At trial, witnesses testified to observing 27 bruises and 4 bite marks on Shawn's body. Numerous photographs and slides were admitted to show the nature, location, and extent of the bruises. The State also introduced into evidence several statements made by defendant to the police and hospital staff in which defendant stated he had struck Shawn several times in the past. Defendant testified that his past acts towards Shawn were nothing more than spankings as a means to discipline him, that he bit Shawn on the arm on one occasion because he was angry with him, and that Shawn's death, as a result of his last act, was accidental. Based on the evidence, defendant was found guilty of involuntary manslaughter, sentenced to five years' imprisonment, and fined $5,000. Defendant's subsequent post-trial motions for a new trial, judgment notwithstanding the verdict, and motion in arrest of judgment were denied.

On appeal, defendant first argues that he was denied a fair trial because the trial court improperly permitted the State to introduce evidence of other crimes, i.e., the admittedly prior abuse of Shawn indicated by the numerous bruises and four bite marks appearing on his body. The State argues that this evidence was properly admissible for the purpose of establishing defendant's intent or mental state, at the time of the fatal blow to Shawn, based upon a pattern of abuse.

Although evidence of other crimes is not admissible to show an accused's propensity to commit a crime (People v. Lindgren (1980), 79 Ill. 2d 129, 402 N.E.2d 238), such evidence is admissible if it is relevant for other purposes, such as to show intent, identity, motive, modus operandi, or absence of mistake (People v. Baptist (1979), 76 Ill. 2d 19, 389 N.E.2d 1200). In fact, the range of purposes for which other crimes evidence may be admitted is almost infinite. (People v. Triplett (1981), 99 Ill. App. 3d 1077, 425 N.E.2d 1236.) Evidence of other crimes cannot be admitted, however, unless it is first shown that a crime actually took place and that the accused committed it or participated in its commission. (People v. Miller (1977), 55 Ill. App. 3d 421, 370 N.E.2d 1155.) Additionally, once such a foundation is established, a trial court must determine whether the probative value of the evidence is outweighed by its prejudicial effect. People v. McDonald (1975), 62 Ill. 2d 448, 343 N.E.2d 489.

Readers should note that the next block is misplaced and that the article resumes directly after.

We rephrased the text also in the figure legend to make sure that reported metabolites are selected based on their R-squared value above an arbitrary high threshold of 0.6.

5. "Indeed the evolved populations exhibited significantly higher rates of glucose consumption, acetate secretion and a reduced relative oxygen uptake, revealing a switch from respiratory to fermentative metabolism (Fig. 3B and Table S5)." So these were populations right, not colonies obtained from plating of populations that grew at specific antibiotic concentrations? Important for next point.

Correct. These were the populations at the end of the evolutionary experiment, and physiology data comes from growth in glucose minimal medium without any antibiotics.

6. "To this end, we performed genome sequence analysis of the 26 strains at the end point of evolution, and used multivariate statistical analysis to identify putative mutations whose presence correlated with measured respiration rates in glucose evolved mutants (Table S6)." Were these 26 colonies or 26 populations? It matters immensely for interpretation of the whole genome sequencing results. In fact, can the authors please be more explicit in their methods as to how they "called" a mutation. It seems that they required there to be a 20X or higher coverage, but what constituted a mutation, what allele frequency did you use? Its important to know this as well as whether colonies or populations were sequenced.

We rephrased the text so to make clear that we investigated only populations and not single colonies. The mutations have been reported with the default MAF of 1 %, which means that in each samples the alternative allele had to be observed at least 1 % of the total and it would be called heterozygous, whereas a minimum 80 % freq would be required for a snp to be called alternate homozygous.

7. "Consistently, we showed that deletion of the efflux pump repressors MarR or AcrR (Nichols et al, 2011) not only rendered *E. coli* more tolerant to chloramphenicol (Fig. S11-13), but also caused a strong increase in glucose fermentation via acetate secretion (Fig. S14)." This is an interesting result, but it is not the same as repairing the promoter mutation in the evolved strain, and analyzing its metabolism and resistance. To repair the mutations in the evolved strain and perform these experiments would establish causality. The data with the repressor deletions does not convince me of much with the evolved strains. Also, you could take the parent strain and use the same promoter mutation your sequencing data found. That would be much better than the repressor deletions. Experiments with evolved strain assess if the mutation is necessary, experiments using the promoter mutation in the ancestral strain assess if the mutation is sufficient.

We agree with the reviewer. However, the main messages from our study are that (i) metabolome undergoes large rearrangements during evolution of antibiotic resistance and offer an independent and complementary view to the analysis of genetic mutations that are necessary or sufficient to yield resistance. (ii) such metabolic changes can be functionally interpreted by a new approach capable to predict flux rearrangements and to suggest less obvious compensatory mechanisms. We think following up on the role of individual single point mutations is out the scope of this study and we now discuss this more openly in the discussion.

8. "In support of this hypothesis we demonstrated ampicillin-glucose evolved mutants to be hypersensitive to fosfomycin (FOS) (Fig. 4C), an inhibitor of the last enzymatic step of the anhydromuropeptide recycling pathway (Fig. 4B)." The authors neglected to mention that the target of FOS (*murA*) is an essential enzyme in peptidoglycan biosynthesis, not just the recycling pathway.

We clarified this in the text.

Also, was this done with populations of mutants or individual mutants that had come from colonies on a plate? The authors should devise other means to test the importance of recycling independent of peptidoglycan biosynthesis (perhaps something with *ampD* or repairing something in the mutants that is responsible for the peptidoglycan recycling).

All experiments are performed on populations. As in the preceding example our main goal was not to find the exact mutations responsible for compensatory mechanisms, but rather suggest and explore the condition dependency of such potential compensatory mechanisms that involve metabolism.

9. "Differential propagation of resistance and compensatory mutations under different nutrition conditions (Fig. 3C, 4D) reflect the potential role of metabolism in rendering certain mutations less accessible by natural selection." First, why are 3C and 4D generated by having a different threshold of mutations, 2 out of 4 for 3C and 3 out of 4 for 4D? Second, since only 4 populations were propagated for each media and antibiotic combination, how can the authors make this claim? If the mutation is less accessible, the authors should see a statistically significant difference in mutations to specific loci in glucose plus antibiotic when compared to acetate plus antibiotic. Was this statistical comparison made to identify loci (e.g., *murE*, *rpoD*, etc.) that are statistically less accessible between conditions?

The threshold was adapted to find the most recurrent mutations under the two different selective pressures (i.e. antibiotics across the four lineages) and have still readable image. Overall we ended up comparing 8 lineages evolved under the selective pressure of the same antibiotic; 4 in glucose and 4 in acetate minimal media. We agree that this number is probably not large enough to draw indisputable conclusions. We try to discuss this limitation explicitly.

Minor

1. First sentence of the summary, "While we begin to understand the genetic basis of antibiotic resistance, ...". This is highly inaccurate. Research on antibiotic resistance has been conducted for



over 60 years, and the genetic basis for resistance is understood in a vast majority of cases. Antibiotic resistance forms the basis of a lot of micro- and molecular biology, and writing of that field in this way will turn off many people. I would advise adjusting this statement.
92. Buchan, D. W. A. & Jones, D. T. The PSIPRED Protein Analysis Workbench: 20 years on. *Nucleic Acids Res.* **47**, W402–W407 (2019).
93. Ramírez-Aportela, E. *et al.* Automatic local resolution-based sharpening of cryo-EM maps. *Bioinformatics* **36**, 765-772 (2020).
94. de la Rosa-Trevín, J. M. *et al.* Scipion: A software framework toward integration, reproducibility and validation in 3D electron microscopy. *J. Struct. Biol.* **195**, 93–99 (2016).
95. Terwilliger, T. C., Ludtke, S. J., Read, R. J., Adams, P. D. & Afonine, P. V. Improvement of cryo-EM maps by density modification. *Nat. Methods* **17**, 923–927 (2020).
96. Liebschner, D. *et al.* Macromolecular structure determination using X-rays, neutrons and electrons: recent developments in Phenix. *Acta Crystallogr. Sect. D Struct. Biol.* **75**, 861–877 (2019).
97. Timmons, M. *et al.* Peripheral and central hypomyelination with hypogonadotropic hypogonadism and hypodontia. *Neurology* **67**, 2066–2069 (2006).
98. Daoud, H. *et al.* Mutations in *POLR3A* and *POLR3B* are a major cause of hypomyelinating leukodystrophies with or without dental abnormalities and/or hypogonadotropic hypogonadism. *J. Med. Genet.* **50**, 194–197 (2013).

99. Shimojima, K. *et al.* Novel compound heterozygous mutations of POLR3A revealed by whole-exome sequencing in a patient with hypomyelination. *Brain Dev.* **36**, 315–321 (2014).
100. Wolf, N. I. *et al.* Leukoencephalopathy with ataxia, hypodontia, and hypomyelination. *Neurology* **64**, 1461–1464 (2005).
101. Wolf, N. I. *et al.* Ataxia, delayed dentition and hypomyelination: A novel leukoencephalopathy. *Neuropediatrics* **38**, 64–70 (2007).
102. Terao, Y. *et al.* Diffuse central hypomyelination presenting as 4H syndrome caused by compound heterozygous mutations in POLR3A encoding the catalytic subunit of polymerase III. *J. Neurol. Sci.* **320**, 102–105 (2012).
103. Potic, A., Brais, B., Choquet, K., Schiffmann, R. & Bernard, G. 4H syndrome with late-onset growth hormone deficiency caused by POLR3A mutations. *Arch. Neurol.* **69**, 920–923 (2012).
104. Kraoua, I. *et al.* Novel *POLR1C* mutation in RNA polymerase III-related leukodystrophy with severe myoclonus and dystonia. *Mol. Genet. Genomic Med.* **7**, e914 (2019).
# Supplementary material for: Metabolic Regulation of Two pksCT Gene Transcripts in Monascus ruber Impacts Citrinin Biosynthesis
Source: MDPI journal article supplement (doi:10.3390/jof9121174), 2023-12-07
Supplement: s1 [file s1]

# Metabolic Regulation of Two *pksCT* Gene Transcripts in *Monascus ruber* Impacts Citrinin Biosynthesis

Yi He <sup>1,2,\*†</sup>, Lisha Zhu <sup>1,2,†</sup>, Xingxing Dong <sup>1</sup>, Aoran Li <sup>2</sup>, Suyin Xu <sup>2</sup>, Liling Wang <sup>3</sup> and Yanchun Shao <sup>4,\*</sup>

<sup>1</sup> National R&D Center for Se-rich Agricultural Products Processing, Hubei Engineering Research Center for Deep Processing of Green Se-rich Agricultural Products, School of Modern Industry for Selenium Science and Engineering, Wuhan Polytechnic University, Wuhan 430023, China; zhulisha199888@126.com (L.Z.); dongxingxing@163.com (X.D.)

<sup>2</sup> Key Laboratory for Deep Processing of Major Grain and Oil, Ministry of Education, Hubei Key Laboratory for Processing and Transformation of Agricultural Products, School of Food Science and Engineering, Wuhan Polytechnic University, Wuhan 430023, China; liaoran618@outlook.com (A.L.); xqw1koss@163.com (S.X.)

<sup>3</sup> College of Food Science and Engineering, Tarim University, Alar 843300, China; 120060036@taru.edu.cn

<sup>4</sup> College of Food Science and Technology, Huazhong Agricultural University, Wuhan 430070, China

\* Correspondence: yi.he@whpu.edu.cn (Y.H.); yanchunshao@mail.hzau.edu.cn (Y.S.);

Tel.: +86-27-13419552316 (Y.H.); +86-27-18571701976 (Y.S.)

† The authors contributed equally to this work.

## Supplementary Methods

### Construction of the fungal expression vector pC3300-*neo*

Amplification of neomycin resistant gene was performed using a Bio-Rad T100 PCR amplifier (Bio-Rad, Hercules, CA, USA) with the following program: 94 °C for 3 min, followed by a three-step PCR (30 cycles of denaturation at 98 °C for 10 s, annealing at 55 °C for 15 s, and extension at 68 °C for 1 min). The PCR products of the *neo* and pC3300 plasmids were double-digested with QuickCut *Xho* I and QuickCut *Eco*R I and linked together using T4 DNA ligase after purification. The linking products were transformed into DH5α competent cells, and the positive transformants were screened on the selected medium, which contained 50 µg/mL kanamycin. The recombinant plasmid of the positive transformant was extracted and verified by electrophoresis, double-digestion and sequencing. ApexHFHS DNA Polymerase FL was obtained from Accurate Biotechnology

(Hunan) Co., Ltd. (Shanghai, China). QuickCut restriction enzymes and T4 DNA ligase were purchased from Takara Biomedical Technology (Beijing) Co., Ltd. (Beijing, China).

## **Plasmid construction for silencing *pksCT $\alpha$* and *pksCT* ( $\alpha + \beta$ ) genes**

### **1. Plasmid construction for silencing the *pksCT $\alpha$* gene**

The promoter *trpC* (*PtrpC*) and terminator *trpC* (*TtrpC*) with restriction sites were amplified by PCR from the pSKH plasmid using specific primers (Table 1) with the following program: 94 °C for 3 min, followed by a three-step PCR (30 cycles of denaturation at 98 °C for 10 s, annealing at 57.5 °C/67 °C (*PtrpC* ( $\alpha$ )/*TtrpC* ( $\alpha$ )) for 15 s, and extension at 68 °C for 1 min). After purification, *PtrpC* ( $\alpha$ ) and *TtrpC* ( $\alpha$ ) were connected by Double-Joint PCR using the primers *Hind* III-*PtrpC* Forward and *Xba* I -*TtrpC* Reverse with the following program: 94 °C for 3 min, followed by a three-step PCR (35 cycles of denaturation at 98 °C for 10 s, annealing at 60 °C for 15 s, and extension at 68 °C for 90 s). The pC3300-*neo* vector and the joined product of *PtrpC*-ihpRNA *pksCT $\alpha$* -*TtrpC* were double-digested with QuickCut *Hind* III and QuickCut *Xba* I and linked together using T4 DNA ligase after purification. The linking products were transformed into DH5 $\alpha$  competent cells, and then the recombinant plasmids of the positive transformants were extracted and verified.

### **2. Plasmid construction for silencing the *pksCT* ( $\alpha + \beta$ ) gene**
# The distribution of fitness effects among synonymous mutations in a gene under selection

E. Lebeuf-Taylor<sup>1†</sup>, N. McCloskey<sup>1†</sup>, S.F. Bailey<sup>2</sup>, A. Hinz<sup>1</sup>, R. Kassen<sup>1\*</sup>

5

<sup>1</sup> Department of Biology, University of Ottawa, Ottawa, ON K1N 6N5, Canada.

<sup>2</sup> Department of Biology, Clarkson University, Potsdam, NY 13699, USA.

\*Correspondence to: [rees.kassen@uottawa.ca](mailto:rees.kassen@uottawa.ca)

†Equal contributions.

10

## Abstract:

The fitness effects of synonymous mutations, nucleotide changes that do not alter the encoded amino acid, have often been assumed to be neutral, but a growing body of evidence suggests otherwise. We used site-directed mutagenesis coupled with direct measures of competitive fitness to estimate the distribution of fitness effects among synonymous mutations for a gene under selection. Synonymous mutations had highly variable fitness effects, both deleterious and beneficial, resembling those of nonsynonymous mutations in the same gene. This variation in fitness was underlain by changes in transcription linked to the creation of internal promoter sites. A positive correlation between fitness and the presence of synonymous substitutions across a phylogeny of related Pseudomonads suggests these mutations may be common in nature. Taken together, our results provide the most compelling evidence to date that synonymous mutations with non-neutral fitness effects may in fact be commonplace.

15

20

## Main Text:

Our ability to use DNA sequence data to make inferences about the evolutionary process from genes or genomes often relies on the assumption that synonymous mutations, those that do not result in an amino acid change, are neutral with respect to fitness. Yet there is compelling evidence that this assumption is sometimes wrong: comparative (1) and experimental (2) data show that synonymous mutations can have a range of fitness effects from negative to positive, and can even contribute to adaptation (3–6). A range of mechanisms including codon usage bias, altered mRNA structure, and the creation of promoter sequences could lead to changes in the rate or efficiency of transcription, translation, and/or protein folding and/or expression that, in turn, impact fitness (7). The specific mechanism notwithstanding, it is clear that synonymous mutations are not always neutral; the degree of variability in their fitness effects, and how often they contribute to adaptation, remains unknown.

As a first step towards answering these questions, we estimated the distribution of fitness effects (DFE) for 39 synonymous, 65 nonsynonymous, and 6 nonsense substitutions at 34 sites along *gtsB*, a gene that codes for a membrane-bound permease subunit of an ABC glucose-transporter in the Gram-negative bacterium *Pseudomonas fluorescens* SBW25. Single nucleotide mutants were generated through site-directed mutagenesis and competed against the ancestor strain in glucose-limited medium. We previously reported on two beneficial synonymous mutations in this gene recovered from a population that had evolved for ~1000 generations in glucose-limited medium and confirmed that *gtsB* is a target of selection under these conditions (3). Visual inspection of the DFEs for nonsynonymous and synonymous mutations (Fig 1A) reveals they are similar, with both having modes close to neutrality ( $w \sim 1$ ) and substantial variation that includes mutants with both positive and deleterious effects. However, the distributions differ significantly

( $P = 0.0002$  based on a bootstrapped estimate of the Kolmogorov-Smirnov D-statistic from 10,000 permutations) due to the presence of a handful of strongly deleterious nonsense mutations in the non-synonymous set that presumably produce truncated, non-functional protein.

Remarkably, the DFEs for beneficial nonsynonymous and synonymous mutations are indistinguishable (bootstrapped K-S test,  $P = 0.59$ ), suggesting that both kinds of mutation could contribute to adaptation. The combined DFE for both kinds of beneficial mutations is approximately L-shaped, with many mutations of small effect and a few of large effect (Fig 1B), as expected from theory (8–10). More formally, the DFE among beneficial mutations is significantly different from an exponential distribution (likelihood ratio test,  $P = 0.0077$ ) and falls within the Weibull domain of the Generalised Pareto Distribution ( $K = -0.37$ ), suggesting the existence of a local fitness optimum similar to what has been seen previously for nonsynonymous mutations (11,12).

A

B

In the instant case, as mentioned above, the State presented evidence of the prior physical abuse suffered by Shawn for the purpose of establishing defendant's intent or mental state. Although defendant concedes that Shawn was a victim of child abuse, he argues that admission of the evidence of the prior abuse was erroneous because the State failed to meet its burden of proving, by more than mere suspicion, that he committed the abuse. We disagree. By his own admission, defendant stated he had hit Shawn on a number of occasions:

"[In April or May 1983] I slapped him [with an open hand] in the face one time just after I met Cindy. I know that in my mind I thought I was disciplining him, but I realize that I hit him too hard, um, I believe. . . . [There] was a red mark at the time . . ..

I have disciplined Shawn in the past by hitting him on the butt. Um, I do recall a few times when he would be laying in front of a VCR I lent Cindy . . . when I believe I struck him too hard. I don't believe he was hurt other than externally or other than very very minor hurt when I did hit him.